The Collins family appears lucky. It can claim three multi-million dollar lottery winners through its relatives. One of the family wins, a Catholic brother-in-law, stopped to pray on his way home from work and used the posted hymn numbers from a service as his picks. One might say, “God is good,” but psychology experts stress the power of positive thinking and gathering good to you as well.
Do people make their own luck? Burt Gershater, a licensed counselor and motivational speaker who consults with businesses and athletic teams, said, “To a large degree, we do. By hard work, by good deeds and by noticing. The more present we are, the more luck we notice.”
Lucky people have purpose which provides direction. As they move through their lives, they are clued in to the indicators that direct them rather than the obstacles that block their path. Their destination is rarely a million dollars. Often, it’s education, a healthy marriage, honing a skill, opening a business, and ultimately, finding contentment in the journey to those goals. Lucky people don’t compare their lives to others, they live their own dreams.
There might be a pot of gold at the end of the rainbow, but Gershater said, “Don’t wait for the rainbow. It can be a long, long wait. Every step towards making your life better gets you there. There is a direct relationship to our movement, and luck begets people who instigate a path of noticing opportunities.”
So, if we can chart our lucky stars, does a bad attitude thwart our progress? Heed the closing words of those Hee Haw codgers plucking at their banjoes, “Deep dark depression, excessive misery. If it weren’t for bad luck, I’d have no luck at all…”
Gershater confirmed, “Pattern of thoughts or actions can create or repel luck. Positive people draw positive things. If you think you’re unlucky, you might send out energies that keep you from seeing the blessings that are out there.” In other words, what we say repetitively to ourselves and others becomes true to us. Criticizing ourselves or expecting the worst to happen creates self-fulfilling bad luck – or a blind spot for good. This is neuro-linguistic programming in action, and we should use it to focus our awareness, behavior and circumstances on recognizing the signs that guide us to our destinies.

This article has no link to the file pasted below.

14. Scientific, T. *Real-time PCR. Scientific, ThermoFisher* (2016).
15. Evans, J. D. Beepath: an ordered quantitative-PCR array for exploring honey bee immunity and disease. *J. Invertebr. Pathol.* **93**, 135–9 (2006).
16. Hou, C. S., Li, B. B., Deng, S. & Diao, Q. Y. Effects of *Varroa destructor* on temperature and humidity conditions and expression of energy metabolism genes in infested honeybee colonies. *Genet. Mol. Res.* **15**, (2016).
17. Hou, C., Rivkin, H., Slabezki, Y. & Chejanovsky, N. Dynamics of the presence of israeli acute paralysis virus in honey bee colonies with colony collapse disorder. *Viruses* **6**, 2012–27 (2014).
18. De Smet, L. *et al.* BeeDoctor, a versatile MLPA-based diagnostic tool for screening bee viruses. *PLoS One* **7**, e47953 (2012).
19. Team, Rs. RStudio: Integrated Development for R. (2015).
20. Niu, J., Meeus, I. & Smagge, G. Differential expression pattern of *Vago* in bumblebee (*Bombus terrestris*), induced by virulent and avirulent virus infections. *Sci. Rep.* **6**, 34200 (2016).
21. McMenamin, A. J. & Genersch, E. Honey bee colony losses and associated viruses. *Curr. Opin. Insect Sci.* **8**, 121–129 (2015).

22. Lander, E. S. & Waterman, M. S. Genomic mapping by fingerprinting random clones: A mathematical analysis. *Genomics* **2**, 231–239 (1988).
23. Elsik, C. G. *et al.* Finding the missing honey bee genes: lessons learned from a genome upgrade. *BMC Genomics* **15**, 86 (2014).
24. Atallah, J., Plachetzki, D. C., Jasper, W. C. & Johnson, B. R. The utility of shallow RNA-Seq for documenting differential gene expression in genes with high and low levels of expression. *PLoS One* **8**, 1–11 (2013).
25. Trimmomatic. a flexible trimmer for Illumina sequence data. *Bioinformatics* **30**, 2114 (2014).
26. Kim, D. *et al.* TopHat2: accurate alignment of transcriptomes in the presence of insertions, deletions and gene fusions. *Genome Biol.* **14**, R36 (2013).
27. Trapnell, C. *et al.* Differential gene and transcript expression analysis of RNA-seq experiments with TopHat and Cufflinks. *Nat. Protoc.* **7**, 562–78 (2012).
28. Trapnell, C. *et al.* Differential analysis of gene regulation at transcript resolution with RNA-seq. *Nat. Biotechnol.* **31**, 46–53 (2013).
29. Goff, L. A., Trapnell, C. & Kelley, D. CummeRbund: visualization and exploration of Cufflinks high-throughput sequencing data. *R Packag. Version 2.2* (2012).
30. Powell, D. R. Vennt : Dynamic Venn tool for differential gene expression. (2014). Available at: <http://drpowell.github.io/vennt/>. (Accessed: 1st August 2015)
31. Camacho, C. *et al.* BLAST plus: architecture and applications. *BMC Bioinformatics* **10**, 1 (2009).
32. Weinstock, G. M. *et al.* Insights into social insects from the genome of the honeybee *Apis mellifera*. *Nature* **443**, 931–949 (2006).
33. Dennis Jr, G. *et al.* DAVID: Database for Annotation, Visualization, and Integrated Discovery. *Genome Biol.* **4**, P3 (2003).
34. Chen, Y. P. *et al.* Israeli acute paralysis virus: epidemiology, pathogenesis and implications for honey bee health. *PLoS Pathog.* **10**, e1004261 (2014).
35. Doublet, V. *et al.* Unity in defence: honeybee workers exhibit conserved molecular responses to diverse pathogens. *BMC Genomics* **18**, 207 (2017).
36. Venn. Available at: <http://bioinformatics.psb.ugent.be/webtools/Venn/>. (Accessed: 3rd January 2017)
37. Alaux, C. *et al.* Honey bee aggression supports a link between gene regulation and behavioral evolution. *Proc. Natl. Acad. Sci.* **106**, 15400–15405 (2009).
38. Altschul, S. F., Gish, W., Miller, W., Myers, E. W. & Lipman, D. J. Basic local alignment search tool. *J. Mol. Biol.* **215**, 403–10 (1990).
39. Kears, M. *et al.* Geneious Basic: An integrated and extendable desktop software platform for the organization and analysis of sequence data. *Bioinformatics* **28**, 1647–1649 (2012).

In Bryce Courtenay’s classic novel of South Africa, The Power of One, the main character Peekay decides at age nine to become the welter-weight champion of the world. No small thing for a poor, small boy. As his vision gels, Peekay says, “I was seldom concerned with winning a particular fight; instead I was cultivating a habit of winning. Winning is a state of mind that embraces everything you do, so I found I won in other things as well.”
Around the world, people greet each other with expressions of good luck. Bonne chance! Lycka til! ¡Buena suerte! Sterkte! That last phrase in Afrikaans literally means strength. This is the heart of it. A great deal of luck is our frame of mind expressed in the living out our days.
Gershater pointed at the book, The Biology of Belief by Bruce Lipton Ph.D., an internationally-known authority bridging science and spirit. Within its pages, the discussion ensues as to whether DNA determines our behavior or behavior impacts our DNA. Either way, advocates advise against looking at our life as an excuse for staying unfortunate. Instead, tap into the need and ability to change to generate fortunate outcomes.
“What is the biggest disease?” asked Gershater, and then, answered his own question, “Taking things for granted. The only part of luck we can create is positive action. Habits are hard-wired into us, and we need to create a new pathway through repetition.” Gershater practices what he preaches. Ten years ago, he decided to shed his cynical outlook by starting each day with an attitude of gratitude as motivator Anthony Robbins suggests. Friends and family noticed. “It changed my habits and my outlook, my expectations and elevated my spirit.”
The collaboration of working at our dreams with a conscious practice of gratitude is key. Still, we can increase our luck through generosity, discipline, perseverance, asking for help, praying and positive thinking. Gershater added, “Inexplicable magic happens by living that way.” NAMLM Gail G. Collins